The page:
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The second best exact match also demonstrates biblical roots: King Solomon, son of David. Solomon was described as acquiring immense wealth in shipments from a faraway land called Ophir. Many people over the centuries speculated about the geographic placement of Ophir. The Spanish navigator Álvaro de Mendaña de Neira offered his opinion when he stumbled upon a group of island in the South Pacific and named them after Solomon in 1568. Solomon was the 726th most common surname in the United States with 42,839 occurrences. I am sure there are famous people with the surname Solomon although I can’t think of any off the top of my head.
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Third place goes to something non-biblical although still religious in a sense: Ireland. "The modern Irish Éire evolved from the Old Irish word Ériu, which was the name of a Gaelic goddess." I think it’s probably safe to assume that the surname Ireland is more accurately a reflection of the United States’ immigrant roots unlike the other examples where the surname and the nation evolved separately from a common root. There were 14,168 Irelands in the United States including Kathy Ireland, the former Sports Illustrated swimsuit model.
Let’s take a quick look at racial and Hispanic origin classifications. I’m sure there aren’t any minefields there, right? Even the Census Bureau walked delicately through the topic in its Explanation of Race and Hispanic Origin Categories that accompanied the 2000 Census:
The race and Hispanic origin categories used by the Census Bureau are mandated by Office of Management and Budget Directive No. 15, which requires all federal record keeping and data presentation to use four race categories (White, Black, American Indian and Alaska Native, Asian and Pacific Islander) and two ethnicity categories (Hispanic, non-Hispanic). These classifications are not intended to be scientific in nature, but are designed to promote consistency in federal record keeping and data presentation.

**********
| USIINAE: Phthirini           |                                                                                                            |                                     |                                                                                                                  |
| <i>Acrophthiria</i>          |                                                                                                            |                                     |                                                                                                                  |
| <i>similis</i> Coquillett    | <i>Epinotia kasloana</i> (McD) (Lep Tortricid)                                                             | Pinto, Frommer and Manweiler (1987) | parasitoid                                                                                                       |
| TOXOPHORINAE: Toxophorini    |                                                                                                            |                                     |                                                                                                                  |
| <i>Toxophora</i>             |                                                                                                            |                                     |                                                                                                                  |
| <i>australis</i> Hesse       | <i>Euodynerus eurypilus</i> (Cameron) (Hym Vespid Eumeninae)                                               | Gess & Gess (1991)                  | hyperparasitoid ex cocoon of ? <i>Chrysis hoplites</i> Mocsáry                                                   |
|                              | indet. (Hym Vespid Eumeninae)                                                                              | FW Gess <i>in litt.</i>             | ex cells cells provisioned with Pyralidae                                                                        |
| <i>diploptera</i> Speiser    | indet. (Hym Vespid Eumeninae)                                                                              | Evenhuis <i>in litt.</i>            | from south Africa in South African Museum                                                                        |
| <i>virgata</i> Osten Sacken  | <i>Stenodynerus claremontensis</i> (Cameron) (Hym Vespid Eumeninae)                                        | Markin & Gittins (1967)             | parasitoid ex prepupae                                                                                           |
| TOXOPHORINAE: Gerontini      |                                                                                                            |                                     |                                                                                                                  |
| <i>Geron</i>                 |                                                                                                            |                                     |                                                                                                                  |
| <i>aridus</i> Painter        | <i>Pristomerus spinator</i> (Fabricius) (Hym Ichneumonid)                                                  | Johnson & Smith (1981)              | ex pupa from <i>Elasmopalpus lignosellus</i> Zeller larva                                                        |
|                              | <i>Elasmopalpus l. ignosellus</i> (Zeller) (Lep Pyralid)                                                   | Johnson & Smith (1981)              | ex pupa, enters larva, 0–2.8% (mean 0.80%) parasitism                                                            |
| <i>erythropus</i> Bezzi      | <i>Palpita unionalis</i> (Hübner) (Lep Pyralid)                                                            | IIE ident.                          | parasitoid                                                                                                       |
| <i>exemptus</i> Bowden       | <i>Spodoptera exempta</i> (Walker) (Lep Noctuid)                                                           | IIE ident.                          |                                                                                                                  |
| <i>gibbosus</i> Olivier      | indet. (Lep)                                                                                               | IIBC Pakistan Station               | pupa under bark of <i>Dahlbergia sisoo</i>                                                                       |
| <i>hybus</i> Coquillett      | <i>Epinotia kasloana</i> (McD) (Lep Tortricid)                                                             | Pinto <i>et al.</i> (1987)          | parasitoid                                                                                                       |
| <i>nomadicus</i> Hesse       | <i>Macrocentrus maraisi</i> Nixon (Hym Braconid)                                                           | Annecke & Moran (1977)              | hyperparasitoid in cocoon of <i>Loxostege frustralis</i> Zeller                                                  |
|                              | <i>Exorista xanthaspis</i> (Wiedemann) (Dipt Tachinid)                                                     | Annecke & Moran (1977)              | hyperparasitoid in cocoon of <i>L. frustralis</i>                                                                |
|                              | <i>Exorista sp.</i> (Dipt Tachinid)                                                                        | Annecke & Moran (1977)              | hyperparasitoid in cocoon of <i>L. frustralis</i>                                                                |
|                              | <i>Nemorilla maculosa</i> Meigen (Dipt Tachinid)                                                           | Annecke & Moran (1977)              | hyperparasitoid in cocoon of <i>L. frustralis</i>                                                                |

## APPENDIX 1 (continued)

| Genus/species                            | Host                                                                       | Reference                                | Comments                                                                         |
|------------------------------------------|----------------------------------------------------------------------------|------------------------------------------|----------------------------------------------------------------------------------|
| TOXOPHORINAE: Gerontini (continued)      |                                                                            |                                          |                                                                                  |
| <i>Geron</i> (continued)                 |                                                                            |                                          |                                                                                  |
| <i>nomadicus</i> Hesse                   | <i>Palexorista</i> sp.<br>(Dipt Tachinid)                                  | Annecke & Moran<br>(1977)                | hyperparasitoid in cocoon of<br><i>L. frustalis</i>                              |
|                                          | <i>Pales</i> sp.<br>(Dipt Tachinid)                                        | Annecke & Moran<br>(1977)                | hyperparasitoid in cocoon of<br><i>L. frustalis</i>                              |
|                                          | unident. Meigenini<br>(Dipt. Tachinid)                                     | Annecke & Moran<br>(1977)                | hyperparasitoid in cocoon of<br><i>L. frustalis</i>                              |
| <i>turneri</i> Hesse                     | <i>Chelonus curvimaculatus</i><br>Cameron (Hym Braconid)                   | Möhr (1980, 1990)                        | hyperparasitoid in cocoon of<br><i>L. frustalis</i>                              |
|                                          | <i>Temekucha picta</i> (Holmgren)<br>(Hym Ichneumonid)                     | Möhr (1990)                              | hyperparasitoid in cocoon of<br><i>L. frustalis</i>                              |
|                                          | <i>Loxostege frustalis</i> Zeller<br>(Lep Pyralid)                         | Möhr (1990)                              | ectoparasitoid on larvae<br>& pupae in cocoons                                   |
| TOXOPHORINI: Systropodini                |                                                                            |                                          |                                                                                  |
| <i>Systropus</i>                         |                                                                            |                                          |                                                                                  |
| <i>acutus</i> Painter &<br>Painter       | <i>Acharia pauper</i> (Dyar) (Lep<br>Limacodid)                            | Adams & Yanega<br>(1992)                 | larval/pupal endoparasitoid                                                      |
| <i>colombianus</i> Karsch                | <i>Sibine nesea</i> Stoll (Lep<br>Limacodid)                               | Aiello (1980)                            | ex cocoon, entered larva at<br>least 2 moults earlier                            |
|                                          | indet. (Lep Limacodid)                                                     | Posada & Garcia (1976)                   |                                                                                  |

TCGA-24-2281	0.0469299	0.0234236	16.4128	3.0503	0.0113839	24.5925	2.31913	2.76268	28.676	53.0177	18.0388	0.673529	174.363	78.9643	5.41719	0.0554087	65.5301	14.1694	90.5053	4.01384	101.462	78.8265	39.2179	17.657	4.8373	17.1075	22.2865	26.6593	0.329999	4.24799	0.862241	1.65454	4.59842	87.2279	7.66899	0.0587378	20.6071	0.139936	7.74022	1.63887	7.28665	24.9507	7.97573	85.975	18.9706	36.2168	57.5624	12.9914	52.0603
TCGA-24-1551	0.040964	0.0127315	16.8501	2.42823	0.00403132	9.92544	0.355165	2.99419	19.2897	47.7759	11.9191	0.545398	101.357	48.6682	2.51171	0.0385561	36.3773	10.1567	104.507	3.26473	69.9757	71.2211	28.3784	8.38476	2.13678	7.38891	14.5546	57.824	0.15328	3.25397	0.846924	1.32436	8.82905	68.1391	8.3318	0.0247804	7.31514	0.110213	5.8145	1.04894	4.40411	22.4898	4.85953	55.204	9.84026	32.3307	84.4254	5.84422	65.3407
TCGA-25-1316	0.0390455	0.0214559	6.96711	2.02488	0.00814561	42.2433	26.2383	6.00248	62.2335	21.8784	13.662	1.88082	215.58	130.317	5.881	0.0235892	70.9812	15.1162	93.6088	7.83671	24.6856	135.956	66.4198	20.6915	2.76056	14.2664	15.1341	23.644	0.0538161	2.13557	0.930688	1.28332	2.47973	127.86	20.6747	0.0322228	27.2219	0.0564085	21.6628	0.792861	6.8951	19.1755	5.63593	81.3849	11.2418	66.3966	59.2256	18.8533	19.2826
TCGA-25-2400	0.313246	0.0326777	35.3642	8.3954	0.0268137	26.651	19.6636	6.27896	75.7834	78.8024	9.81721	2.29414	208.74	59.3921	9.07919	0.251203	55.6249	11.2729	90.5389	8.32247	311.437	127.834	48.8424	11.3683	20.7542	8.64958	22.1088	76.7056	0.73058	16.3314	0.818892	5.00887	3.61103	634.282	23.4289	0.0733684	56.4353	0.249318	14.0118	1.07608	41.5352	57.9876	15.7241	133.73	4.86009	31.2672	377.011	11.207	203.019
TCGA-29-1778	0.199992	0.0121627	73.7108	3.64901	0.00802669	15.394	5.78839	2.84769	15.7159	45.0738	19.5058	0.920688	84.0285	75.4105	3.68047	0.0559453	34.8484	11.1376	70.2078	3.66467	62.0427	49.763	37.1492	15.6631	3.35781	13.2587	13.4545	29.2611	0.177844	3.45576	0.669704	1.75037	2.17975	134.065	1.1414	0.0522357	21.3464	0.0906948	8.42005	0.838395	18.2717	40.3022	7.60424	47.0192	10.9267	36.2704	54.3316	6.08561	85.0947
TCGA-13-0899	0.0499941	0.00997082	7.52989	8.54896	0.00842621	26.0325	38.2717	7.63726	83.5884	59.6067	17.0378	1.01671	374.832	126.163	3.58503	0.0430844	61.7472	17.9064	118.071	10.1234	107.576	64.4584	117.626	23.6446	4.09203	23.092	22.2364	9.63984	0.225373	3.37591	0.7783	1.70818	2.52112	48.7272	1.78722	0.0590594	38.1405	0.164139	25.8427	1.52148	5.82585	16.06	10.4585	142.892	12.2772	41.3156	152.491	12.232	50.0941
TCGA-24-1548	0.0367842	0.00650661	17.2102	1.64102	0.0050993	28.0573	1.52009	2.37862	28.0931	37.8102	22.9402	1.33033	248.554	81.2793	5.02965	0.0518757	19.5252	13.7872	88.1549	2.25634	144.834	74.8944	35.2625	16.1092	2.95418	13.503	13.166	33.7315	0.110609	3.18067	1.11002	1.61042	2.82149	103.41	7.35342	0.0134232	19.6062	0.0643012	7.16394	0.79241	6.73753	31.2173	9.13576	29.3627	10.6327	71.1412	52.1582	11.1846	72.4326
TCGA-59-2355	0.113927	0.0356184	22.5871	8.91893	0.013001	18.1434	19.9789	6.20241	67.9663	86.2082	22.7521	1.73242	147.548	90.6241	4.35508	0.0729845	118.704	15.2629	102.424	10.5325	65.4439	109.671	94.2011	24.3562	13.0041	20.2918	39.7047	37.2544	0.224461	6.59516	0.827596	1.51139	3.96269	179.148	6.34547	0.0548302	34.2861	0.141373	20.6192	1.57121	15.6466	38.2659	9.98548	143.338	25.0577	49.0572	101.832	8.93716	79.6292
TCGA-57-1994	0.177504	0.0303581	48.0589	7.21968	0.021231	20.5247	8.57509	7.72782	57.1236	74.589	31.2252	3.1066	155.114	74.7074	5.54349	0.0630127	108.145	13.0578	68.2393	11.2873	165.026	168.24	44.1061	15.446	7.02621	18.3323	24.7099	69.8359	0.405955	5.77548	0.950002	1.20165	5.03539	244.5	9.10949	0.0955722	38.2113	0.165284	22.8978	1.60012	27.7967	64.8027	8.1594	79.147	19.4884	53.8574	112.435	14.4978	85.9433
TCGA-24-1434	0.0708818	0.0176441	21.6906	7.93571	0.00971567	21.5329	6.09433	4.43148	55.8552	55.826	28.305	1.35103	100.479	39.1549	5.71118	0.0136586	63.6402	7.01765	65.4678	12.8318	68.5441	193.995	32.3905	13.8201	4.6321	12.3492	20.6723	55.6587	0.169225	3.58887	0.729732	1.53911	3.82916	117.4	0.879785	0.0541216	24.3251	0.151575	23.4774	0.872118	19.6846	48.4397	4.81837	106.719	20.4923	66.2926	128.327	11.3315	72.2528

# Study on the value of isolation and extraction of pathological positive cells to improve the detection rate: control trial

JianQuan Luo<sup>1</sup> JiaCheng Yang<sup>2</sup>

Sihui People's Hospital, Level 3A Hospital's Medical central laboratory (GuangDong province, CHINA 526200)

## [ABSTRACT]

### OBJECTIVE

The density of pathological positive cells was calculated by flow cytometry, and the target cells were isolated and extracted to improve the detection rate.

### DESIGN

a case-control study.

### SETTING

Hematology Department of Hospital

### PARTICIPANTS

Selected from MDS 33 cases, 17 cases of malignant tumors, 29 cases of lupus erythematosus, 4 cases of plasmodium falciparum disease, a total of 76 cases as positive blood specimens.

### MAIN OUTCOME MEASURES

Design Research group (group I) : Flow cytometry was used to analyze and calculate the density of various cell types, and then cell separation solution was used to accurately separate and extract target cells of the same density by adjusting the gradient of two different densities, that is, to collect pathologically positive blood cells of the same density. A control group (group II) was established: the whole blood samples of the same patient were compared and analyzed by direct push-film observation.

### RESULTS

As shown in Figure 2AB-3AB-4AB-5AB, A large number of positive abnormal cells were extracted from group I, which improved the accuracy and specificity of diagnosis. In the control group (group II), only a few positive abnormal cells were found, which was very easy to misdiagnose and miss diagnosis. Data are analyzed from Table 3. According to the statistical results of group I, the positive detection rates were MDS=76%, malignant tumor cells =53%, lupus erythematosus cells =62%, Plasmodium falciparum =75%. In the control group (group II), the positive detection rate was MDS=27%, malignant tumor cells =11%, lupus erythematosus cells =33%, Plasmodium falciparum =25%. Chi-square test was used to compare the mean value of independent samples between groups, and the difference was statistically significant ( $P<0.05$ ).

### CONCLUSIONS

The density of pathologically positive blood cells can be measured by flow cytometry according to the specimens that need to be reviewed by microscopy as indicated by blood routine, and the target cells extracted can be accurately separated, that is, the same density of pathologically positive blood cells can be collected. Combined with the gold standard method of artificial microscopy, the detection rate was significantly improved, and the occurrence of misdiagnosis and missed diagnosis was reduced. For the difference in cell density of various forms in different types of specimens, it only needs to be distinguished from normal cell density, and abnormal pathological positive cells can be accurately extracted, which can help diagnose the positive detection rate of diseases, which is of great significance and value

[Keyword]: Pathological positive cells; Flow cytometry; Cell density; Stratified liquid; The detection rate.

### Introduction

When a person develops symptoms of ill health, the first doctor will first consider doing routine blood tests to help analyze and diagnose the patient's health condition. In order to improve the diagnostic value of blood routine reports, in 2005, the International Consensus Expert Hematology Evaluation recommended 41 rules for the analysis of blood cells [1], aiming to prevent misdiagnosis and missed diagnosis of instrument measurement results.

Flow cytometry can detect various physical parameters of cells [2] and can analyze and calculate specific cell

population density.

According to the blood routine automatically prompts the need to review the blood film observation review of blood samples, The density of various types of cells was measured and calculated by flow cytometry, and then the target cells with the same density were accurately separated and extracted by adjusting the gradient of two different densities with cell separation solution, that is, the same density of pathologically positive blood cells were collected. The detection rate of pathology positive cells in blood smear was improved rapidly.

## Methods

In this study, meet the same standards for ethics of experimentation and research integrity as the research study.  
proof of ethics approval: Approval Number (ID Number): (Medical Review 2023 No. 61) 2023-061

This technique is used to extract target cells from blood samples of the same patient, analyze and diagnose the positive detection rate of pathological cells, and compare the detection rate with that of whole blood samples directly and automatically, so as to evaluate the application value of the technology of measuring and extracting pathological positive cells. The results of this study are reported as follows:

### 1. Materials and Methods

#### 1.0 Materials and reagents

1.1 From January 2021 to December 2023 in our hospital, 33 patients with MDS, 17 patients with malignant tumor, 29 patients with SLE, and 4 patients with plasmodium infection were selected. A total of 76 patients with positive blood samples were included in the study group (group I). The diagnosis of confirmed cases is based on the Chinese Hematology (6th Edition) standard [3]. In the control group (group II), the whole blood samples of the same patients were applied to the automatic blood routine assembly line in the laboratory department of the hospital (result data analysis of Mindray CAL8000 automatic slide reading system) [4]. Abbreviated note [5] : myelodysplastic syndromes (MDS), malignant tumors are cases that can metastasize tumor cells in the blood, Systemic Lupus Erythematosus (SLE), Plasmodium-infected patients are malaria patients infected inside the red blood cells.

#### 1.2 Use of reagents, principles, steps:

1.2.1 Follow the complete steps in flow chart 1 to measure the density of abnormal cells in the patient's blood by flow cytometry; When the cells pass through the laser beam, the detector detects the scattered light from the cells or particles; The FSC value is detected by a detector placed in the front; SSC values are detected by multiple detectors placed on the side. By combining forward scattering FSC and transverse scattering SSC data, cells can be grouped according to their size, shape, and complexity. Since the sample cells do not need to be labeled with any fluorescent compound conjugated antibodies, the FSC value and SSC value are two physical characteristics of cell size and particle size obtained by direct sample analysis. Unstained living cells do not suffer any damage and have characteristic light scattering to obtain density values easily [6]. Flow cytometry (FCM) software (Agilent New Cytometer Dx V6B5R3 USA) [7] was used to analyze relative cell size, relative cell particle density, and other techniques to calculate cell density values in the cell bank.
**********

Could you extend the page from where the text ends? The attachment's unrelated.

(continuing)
I will follow the classifications designated in the 2000 Census since I am using its data source with specifically-named fields as mandated by the US government at the point in time of the survey. I know that other name(s) may be preferable in other contexts so please don’t feel you need to leave a comment with a correction. The Census Bureau seems to be saying the same thing in their note.
The highest percentage surname instances by race and Hispanic origin categories, discarding partial matches and demonyms are as follows:
- 99.67% of people with the surname Romania were white. Swede tied the percentage although that’s a demonym.
- 93.27% of people with the surname Senegal were black.
- No nationalist surname correlated closely with American Indian and Alaska Native populations. 53.78% of people with the demonym surname Mexican were American Indian and Alaska Native though.
- 78.55% of people with the surname Austria were Asian and Pacific Islander (Austria?!?). More logically the demonym Thai was 94.67% though.
- 96+% of people with the surnames Nicaragua, Guatemala and Jamaica were Hispanic.
The only one that surprised me was Austria. It’s hard to understand why the vast majority of people with the surname Austria classified themselves as Asian and Pacific Islander.
I believe I’ll try this experiment next with state names so if this article didn’t interest you feel free to come back in about a week.